Sen. William Ligon kicked off the Federalism Forum at Southern New Hampshire University in Hooksett, NH on Saturday, November 22, 2014. The event, sponsored by Breitbart News, American Principles Project (APP), and Cornerstone Action addressed federal overreach in areas such as health care, land use, education, and other sectors.

In his efforts against Common Core, Sen. Ligon has recognized that the constitutional structure of federalism has broken down to the point that national agendas backed by Washington bureaucrats are constantly eroding the proper functions of the states. Sen. Ligon's remarks covered the historical context of federalism, the political philosophy of the Founders, the constitutional concerns Anti-Federalists pointed out which are today's problems,and some potential solutions to strengthen federalism so that it can carry out its original purpose of protecting the sovereign will and liberties of the people.

To see his Op Ed on federalism which appeared on Brietbart.com, visit the Issues page on federalism.

The Georgia Department of Education announced last month that citizens can visit the following link to review the proposed revisions to Common Core math and English language arts standards. This 60-day review and comment period ends on January 10, 2014.


After opening the link, open the revised standards documents for both English language arts and mathematics. Review carefully both the current standards (left column) and the proposed standards (right column). However, keep in mind that you are only comparing Common Core standards with the revised Common Core standards. If you wish to compare with better standards in order to provide more extensive comments, my office could make those available to you. In addition, you may simply want to comment on standards that you believe should be taught earlier or later or that you notice are totally missing or that you think are unclear.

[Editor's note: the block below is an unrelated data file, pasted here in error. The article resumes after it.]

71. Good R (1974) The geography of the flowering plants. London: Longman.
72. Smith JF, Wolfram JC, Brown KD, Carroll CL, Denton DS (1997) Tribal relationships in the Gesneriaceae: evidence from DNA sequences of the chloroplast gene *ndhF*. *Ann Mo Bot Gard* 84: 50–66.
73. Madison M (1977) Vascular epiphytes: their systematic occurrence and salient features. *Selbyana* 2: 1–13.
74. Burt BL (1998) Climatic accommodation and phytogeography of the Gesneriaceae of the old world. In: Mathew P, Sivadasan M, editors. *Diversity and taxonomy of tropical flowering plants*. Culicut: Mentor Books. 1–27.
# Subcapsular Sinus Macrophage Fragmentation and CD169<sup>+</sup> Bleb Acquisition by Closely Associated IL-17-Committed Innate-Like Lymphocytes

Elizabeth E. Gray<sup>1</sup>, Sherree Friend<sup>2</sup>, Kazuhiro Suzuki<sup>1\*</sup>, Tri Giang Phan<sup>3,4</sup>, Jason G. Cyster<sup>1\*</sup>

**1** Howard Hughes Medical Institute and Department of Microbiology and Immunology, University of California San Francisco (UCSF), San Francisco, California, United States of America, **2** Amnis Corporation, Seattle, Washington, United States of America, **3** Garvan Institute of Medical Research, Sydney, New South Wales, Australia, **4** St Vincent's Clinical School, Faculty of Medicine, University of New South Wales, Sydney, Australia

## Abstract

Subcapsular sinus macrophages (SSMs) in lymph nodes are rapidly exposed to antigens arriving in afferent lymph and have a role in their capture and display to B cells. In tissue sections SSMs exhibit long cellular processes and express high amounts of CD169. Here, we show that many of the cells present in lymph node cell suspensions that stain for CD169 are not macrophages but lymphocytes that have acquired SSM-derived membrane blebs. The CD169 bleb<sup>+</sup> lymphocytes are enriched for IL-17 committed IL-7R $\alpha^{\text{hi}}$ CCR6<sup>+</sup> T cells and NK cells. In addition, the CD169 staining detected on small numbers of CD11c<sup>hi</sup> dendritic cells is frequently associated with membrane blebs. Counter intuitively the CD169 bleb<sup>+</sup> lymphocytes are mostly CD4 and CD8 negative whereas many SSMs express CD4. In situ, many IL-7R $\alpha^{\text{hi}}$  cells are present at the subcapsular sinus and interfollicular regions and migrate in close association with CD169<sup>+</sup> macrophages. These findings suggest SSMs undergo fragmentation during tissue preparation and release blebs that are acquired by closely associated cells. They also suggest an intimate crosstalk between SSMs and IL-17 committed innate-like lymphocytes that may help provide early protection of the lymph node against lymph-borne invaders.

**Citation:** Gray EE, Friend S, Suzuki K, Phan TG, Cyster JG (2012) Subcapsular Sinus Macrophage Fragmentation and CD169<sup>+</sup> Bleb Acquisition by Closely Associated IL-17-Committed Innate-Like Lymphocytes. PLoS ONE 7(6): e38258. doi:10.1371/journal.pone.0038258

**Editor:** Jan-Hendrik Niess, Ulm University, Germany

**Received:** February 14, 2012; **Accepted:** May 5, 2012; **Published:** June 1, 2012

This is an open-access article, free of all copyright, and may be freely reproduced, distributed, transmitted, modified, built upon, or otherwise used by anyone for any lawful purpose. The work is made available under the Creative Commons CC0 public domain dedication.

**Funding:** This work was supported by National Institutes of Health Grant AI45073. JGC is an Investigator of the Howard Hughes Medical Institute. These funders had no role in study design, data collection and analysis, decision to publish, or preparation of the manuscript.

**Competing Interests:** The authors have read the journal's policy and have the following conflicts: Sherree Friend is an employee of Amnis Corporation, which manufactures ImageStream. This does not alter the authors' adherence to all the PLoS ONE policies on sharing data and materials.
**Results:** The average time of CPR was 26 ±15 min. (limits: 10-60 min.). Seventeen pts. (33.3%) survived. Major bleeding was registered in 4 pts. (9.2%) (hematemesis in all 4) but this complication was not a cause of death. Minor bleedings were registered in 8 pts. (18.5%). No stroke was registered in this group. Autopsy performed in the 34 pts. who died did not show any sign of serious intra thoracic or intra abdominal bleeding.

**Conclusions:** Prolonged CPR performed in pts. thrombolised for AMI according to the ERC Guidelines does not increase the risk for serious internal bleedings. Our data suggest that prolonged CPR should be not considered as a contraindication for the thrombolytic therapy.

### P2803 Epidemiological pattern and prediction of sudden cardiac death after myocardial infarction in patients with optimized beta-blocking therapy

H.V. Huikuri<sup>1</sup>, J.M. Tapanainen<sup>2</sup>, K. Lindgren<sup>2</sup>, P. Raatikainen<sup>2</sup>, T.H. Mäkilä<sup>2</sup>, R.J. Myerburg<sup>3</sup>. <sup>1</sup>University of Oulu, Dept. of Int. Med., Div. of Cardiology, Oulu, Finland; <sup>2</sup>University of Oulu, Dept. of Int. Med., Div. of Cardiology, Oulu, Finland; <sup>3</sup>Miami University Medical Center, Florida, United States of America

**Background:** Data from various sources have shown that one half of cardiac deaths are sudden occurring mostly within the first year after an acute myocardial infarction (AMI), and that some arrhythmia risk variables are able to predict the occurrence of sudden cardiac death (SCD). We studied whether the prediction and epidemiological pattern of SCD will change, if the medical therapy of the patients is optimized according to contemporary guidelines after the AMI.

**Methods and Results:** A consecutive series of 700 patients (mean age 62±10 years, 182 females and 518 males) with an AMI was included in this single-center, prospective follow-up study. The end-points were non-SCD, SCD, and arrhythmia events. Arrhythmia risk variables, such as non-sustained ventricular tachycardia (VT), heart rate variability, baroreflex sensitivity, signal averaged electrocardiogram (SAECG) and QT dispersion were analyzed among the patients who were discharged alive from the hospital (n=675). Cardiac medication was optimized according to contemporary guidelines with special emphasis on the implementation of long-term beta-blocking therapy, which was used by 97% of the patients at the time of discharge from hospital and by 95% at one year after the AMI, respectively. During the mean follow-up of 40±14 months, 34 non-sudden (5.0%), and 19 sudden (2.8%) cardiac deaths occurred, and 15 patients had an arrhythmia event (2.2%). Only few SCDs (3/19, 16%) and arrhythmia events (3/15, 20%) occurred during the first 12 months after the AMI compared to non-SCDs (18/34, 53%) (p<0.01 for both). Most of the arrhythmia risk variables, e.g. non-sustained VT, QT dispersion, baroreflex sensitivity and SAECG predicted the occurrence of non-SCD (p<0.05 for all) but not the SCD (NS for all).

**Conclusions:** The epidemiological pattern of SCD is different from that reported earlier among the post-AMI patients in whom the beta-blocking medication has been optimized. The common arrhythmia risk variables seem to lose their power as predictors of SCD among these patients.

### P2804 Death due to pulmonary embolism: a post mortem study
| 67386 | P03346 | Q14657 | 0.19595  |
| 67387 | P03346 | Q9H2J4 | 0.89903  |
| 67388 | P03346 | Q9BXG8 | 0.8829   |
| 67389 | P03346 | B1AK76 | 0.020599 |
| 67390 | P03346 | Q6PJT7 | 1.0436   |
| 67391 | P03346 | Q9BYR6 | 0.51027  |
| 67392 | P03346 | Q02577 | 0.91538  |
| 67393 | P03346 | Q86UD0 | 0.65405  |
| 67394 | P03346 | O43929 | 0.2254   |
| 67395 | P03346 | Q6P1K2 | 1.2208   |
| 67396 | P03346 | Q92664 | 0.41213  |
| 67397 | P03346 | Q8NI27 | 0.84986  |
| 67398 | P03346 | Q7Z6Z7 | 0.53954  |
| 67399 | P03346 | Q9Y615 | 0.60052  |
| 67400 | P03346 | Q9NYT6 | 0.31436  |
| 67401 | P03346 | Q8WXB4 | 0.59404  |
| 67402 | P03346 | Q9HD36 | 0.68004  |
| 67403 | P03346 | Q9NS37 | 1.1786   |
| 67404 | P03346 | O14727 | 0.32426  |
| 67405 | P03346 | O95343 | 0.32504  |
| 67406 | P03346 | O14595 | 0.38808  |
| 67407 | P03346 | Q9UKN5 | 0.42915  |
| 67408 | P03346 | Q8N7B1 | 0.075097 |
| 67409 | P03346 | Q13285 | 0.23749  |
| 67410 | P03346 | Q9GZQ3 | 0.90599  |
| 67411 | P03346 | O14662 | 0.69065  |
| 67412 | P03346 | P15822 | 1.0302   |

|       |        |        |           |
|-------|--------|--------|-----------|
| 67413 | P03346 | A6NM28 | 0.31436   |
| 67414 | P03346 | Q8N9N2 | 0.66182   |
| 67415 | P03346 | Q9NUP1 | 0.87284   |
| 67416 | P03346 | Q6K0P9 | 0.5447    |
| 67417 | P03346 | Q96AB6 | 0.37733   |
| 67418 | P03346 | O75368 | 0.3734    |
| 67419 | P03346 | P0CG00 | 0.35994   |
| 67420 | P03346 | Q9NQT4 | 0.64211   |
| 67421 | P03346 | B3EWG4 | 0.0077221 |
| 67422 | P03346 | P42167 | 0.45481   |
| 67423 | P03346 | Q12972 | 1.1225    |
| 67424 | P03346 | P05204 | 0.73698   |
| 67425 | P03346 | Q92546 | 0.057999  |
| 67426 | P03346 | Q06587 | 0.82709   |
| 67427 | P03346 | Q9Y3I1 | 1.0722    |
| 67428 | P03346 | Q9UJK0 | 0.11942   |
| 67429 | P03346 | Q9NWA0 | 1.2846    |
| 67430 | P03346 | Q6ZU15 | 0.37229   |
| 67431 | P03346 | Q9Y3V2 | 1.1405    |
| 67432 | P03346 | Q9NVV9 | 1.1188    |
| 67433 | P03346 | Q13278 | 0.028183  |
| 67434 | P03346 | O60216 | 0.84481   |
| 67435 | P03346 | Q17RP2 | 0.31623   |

Once you have examined the standards and taken notes on what you intend to highlight in your comments, then click on the survey links to submit recommended changes to either or both the current standards and any of the recommended proposed standards.

This process of commenting on the standards in a meaningful way will take focus and time. For parents, although you may know exactly what is of concern to you in the math homework your child brings home or the English assignments you see, it may not be easy to identify which standards are causing the problems. If that is the case, express this in your comments and consider sending additional information in a letter to the State School Board Chair, Helen Rice, with an extra copy going to the new State School Superintendent Richard Woods. Reference your online comments in your letter.

Georgia Department of Education
205 Jesse Hill, Jr. Dr., SE
Atlanta, GA 30334

If sending email, those can be sent to the Chair at hrice@doe.k12.ga.us and to the Superintendent at woodsforsuper@yahoo.com. Just remember, even if sending email or a letter, your original comment should still be posted online and should also reference your additional communication that you are sending.

Also, comments on social studies resource materials can be made until January 8, 2015 at: